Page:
Pressure Mounts to Maintain Ban on Deca-BDE

A New report on substitutes for the brominated flame retardant chemical, deca-BDE, increases pressure on European Commission to maintain ban on April 19thvote in Technical Adaptation Committee (TAC).

Today, the European Public Health Alliance - Environment Network (EEN), Clean Production Action and Health Care Without Harm increased the pressure to maintain the ban on the brominated flame retardant deca-BDE, commonly used in consumer electronics, by releasing a comprehensive review of available safer substitutes for the controversial chemical. The TAC is set to vote Tuesday, April 19th on an amendment to the RoHS directive that would allow manufacturers to continue using deca when restrictions on other sister PBDE flame retardants enter force in July 2006.

The new report1 concludes that cost competitive alternatives are now commercially available in both of deca-BDE’s primary end uses: electronics and textiles. In the case of electronic enclosures the substitute resin systems and flame retardants are well known and manufacturers in Europe are familiar with these systems. In the case of textiles the use of substitute chemically applied flame retardants and inherently ignition-resistant fibres makes deca-BDE substitution possible.

The report follows on the heels of the EU independent environmental science panel, the Scientific Committee on Health and Environmental Risks, which two weeks ago rejected an UK risk assessment's conclusion that no further controls are needed to limit risks posed by the chemical.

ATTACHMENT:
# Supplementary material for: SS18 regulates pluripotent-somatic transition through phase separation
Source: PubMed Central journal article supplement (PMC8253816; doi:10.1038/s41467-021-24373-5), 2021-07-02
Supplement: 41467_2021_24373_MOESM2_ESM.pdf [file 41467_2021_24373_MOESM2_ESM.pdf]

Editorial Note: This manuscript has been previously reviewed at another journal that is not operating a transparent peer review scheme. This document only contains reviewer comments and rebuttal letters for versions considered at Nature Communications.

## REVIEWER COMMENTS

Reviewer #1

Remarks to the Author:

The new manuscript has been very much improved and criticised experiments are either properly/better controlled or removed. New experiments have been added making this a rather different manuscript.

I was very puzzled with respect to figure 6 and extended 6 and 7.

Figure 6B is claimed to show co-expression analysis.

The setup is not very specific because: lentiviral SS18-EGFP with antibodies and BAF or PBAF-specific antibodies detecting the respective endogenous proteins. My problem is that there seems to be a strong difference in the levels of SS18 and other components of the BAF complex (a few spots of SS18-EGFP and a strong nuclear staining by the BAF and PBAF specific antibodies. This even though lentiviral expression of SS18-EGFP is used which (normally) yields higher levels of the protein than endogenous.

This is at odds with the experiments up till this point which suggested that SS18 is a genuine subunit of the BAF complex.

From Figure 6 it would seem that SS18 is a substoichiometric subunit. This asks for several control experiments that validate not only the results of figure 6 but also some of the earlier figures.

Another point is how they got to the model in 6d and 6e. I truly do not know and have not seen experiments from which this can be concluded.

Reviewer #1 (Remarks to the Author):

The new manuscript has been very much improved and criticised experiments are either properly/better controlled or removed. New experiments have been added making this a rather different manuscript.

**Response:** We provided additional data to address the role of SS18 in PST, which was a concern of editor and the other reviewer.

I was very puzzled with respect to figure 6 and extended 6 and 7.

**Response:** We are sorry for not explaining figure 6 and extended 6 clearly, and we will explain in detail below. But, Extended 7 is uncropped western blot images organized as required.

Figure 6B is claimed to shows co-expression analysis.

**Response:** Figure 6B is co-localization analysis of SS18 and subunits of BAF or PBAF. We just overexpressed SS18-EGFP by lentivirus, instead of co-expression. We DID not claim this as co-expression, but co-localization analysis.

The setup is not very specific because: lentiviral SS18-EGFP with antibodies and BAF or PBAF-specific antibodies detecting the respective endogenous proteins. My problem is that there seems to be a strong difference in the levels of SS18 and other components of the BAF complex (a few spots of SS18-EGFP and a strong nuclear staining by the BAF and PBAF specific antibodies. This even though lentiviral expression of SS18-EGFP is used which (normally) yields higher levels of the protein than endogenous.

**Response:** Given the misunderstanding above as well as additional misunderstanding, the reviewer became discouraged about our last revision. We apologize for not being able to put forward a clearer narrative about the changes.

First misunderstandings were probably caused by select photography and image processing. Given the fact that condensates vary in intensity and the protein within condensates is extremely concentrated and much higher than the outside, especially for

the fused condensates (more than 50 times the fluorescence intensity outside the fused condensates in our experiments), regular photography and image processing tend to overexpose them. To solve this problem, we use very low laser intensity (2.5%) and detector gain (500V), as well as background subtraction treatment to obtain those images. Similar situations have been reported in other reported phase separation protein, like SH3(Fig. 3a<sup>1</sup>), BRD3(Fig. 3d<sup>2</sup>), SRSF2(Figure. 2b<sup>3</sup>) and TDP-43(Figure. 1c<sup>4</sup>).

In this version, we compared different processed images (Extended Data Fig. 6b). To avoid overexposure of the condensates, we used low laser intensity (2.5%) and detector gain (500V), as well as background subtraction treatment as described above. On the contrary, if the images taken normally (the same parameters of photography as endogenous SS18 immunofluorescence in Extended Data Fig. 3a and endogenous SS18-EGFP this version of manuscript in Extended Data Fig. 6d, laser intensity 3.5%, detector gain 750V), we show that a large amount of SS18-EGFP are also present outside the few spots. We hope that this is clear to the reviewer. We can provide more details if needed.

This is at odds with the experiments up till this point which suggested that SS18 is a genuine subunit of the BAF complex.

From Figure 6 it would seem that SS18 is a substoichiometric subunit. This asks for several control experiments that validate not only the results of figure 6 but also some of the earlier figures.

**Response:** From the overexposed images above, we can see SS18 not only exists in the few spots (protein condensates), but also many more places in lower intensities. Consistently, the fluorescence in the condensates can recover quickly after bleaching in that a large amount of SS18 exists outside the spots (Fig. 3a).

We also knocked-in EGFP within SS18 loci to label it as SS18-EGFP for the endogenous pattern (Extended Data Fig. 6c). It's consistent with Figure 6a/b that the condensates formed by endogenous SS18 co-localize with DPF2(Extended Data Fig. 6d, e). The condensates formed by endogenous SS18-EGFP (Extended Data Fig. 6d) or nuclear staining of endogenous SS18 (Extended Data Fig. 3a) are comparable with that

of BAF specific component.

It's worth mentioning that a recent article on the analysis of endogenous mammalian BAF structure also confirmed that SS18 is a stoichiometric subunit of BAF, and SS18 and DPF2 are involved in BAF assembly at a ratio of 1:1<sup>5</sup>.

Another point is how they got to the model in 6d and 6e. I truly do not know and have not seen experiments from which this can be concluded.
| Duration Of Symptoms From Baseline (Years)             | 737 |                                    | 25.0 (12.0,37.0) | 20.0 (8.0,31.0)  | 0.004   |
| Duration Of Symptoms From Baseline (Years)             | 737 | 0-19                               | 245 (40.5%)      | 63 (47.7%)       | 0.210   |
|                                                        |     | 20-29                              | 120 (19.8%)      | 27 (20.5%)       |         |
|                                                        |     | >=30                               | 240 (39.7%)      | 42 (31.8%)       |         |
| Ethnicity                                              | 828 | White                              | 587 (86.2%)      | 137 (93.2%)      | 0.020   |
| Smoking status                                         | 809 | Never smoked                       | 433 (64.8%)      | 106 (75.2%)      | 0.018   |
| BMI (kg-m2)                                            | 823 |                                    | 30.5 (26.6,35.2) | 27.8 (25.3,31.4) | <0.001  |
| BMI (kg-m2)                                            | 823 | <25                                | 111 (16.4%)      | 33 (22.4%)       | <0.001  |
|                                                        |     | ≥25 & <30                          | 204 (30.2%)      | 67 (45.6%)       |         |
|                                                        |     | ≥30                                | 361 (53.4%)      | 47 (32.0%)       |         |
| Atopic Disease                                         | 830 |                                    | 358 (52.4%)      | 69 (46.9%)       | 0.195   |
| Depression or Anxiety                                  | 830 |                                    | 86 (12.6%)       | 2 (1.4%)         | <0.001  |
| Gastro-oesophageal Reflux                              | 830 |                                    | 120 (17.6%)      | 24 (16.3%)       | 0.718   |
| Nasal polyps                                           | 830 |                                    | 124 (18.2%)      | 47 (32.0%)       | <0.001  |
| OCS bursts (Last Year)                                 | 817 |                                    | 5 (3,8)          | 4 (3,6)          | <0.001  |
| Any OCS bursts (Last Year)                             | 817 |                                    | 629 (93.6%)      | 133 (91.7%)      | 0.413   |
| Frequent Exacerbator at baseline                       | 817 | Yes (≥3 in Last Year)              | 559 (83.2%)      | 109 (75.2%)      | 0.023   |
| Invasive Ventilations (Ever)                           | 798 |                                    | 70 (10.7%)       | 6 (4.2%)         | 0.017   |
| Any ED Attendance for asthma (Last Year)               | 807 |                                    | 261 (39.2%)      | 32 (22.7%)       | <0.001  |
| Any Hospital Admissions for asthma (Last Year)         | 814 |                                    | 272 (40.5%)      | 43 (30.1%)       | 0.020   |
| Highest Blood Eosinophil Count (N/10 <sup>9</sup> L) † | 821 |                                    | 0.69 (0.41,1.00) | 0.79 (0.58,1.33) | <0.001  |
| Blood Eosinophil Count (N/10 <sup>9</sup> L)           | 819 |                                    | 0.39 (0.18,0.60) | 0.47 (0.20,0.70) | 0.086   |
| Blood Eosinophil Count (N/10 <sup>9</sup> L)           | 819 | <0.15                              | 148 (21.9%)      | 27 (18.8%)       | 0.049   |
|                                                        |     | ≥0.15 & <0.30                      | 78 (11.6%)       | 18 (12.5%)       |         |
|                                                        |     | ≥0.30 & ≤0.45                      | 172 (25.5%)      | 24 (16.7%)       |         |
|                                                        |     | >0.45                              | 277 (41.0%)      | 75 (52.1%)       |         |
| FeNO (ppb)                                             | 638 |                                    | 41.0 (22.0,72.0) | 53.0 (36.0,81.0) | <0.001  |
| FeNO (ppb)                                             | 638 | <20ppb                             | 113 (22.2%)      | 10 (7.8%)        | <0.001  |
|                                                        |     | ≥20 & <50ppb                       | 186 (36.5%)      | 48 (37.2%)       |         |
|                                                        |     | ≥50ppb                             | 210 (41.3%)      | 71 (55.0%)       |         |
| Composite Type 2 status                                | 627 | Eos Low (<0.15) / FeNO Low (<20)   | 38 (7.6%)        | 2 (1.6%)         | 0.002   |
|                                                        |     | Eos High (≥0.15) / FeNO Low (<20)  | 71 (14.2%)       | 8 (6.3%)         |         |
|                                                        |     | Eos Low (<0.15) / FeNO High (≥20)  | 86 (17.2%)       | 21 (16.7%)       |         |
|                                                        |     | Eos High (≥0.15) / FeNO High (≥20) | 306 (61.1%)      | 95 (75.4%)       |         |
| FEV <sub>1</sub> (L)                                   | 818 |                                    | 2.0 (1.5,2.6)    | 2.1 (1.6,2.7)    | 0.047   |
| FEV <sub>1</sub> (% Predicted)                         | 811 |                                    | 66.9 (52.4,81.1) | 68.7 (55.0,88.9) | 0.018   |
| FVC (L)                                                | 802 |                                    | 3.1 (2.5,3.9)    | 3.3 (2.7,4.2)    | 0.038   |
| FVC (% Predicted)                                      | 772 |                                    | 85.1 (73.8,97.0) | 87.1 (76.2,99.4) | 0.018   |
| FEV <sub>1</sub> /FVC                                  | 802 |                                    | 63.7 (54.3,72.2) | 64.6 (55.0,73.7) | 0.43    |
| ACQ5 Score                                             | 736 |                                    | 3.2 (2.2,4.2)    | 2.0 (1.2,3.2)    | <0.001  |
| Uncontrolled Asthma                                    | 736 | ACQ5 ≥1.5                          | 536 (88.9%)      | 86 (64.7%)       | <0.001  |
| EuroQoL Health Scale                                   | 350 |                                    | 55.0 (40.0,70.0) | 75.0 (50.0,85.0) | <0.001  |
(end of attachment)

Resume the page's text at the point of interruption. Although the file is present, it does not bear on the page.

Genon Jensen Driector EEN. "To un-ban deca in all of its uses for electronic goods when we know there are substitutes available, as outlined in this new report, would be a blatant disregard for citizens’ health, not to mention complete negligence of the rule of law and our EUs institutional procedures.”

The Commission’s proposal to un-ban the chemical also faces a possible legal challenge by the European Parliament who last week voted unanimously to adopt a resolution claiming that the Commission has exceeded its implementing powers in attempting to revise the RoHS Directive. The Swedish Government has also written to the Commission claiming that the "Proposed exemption for DecaBDE in polymeric applications in the RoHS-directive goes beyond the legal power of the Commission."

“Why is the Commission pursuing this path of resistance?” asks Beverley Thorpe of Clean Production Action, a US based group which commissioned the report by the University of Massachusetts. "Even the World Health Organization has recommended that ‘brominated flame retardants should not be used where suitable replacements are available’2. But these recent actions by the Commission resemble Bush-style politics on the environment rather than the more progressive policies we expect to see come out of Europe."

 

1 Decabromodiphenylether: An Investigation of Non-Halogen Substitutes in Electronic Enclosure and Textile Applications. LCSP, University of Massachusetts. Available at http://www.sustainableproduction.org/proj.clea.publ.shtml

2 World Health Organization’s International Program on Chemical Safety, Environmental Health Criteria 205: Polybrominated dibenzo-p-dioxins and dibenzofurans .

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